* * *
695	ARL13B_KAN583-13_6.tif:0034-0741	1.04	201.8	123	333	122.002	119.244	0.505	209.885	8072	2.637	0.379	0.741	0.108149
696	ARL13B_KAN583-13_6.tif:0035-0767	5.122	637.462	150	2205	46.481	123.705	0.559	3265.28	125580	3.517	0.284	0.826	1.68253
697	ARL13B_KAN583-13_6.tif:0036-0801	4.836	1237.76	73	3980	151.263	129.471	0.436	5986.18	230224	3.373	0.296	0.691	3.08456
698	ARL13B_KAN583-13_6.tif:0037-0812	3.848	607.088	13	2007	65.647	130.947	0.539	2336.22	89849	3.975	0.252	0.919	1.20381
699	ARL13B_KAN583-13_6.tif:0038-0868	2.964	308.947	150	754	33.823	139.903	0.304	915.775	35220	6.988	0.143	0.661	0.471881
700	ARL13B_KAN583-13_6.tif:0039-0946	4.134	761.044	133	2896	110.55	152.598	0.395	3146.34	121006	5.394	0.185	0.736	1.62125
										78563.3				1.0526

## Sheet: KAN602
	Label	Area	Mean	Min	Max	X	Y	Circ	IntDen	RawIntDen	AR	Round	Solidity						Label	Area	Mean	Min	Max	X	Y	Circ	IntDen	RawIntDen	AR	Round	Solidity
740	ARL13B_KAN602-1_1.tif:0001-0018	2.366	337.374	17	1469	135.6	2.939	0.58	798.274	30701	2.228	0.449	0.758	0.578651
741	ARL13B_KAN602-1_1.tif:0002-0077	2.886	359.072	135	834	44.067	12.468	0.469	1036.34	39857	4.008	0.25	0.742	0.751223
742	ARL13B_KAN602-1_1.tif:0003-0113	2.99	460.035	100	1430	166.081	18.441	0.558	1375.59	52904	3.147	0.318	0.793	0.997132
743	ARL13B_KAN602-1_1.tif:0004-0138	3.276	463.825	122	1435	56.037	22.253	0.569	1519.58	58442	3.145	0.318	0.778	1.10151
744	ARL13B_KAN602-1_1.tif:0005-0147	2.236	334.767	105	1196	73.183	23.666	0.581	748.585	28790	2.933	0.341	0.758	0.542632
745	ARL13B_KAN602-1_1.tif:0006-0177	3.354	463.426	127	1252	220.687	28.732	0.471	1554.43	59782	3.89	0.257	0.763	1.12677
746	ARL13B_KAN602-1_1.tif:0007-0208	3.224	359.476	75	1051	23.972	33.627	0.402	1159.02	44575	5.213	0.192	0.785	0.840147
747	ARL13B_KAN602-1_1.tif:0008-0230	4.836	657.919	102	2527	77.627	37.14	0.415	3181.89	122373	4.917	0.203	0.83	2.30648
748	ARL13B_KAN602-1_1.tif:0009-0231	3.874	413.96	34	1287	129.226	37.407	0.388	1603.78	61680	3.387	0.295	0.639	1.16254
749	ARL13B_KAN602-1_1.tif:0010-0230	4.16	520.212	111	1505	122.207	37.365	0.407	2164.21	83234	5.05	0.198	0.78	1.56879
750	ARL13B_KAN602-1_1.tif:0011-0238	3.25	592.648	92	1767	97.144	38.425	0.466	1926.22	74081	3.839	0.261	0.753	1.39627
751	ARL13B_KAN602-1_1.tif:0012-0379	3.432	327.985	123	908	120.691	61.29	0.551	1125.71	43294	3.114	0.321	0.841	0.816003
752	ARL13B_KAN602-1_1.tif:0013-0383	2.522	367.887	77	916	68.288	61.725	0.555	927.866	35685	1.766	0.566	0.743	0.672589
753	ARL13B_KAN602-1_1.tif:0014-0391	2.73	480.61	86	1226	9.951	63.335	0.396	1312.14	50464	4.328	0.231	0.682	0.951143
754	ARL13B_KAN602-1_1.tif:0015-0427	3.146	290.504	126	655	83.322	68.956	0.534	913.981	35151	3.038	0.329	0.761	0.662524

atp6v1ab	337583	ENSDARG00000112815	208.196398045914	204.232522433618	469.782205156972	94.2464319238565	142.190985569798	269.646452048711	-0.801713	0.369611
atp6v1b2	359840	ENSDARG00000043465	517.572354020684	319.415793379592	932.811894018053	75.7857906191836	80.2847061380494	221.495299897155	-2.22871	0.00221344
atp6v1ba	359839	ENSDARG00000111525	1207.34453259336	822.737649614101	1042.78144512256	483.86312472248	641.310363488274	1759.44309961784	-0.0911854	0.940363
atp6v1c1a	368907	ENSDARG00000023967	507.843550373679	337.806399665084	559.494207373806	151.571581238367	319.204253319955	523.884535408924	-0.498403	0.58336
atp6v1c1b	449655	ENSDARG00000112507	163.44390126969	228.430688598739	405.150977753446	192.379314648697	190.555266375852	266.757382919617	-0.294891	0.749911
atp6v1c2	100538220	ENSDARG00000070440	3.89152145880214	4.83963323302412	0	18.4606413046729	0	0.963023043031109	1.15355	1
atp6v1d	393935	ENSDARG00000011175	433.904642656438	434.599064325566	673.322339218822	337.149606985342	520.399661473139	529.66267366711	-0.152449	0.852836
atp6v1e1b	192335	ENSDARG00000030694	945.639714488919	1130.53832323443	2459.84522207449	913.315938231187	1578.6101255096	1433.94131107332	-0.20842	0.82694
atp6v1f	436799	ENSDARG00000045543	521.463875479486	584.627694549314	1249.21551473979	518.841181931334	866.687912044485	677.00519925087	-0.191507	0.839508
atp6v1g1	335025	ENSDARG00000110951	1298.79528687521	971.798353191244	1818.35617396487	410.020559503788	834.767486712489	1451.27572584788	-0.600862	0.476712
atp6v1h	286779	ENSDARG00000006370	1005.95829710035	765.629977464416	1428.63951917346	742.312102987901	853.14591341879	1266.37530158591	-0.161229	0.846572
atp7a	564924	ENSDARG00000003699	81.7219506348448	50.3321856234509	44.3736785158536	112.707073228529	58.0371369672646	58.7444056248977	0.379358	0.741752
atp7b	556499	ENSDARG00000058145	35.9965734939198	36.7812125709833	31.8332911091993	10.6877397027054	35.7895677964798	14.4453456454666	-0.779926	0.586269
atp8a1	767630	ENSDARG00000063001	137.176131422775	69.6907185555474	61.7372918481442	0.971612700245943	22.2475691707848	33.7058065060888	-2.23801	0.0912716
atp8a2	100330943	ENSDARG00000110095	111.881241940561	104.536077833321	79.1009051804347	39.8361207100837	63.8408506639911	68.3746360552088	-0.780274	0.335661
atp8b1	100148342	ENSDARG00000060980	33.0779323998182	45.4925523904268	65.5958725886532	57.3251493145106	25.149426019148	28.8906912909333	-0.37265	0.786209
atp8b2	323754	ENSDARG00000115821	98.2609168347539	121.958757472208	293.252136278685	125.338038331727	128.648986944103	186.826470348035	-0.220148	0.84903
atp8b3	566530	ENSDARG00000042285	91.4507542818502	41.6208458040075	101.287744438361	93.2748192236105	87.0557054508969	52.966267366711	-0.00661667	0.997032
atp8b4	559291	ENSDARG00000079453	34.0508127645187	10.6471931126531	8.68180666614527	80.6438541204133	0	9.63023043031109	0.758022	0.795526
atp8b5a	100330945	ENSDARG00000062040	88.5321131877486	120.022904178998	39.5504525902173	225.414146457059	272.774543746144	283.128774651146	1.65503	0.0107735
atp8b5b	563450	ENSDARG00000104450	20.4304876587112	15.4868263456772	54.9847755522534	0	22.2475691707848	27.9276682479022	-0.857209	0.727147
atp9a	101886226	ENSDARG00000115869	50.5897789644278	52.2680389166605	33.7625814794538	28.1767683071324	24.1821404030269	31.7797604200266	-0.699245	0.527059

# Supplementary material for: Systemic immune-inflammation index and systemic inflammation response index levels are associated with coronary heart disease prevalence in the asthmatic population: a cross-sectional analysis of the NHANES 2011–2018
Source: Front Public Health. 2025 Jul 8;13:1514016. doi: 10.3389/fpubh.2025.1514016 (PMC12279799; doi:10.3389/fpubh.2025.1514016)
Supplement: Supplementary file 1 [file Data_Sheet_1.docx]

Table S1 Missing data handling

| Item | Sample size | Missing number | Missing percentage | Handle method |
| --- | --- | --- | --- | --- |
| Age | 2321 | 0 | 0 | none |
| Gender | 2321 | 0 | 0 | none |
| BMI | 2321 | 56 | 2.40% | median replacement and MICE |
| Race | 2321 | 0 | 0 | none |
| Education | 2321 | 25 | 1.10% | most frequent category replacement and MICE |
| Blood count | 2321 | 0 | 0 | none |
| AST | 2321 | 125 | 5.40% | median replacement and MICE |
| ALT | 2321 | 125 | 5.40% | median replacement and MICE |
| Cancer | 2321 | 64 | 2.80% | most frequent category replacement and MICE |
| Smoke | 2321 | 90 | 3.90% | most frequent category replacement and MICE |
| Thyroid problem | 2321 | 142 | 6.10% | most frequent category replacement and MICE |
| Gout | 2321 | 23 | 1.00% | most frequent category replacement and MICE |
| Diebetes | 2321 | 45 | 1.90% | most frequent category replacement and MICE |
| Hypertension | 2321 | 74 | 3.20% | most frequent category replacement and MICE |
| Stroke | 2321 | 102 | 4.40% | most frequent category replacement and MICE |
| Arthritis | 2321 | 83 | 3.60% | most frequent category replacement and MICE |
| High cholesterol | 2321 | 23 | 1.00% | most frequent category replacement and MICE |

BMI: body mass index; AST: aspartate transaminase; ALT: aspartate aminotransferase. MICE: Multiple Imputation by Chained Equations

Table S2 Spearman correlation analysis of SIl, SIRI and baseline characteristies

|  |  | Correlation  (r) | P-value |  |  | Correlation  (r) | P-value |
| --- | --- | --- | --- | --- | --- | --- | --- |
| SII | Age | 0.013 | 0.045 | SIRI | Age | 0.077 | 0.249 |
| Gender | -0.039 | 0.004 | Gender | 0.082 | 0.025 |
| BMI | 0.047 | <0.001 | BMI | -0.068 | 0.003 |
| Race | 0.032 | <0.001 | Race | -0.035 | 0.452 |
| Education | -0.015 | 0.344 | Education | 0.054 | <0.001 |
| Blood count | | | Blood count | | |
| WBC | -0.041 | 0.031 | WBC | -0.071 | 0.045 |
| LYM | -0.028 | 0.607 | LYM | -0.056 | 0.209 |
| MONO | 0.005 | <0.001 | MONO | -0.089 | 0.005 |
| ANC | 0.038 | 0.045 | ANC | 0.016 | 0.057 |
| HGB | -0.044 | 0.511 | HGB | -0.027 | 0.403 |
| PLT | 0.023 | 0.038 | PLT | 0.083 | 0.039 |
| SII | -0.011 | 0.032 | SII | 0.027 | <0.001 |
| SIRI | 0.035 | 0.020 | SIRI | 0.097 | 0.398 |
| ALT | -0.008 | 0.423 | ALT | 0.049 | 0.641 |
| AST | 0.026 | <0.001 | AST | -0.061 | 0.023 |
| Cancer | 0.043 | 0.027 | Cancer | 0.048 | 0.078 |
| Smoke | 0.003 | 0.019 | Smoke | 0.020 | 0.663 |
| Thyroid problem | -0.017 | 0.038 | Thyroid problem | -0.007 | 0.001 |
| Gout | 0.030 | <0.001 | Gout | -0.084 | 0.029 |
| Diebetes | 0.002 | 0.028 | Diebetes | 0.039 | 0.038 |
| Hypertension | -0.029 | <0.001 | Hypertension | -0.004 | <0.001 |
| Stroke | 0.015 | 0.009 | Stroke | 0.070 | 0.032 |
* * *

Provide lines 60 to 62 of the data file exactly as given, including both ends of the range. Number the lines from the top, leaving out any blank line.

| ALT | 2321 | 125 | 5.40% | median replacement and MICE |
| Cancer | 2321 | 64 | 2.80% | most frequent category replacement and MICE |
| Smoke | 2321 | 90 | 3.90% | most frequent category replacement and MICE |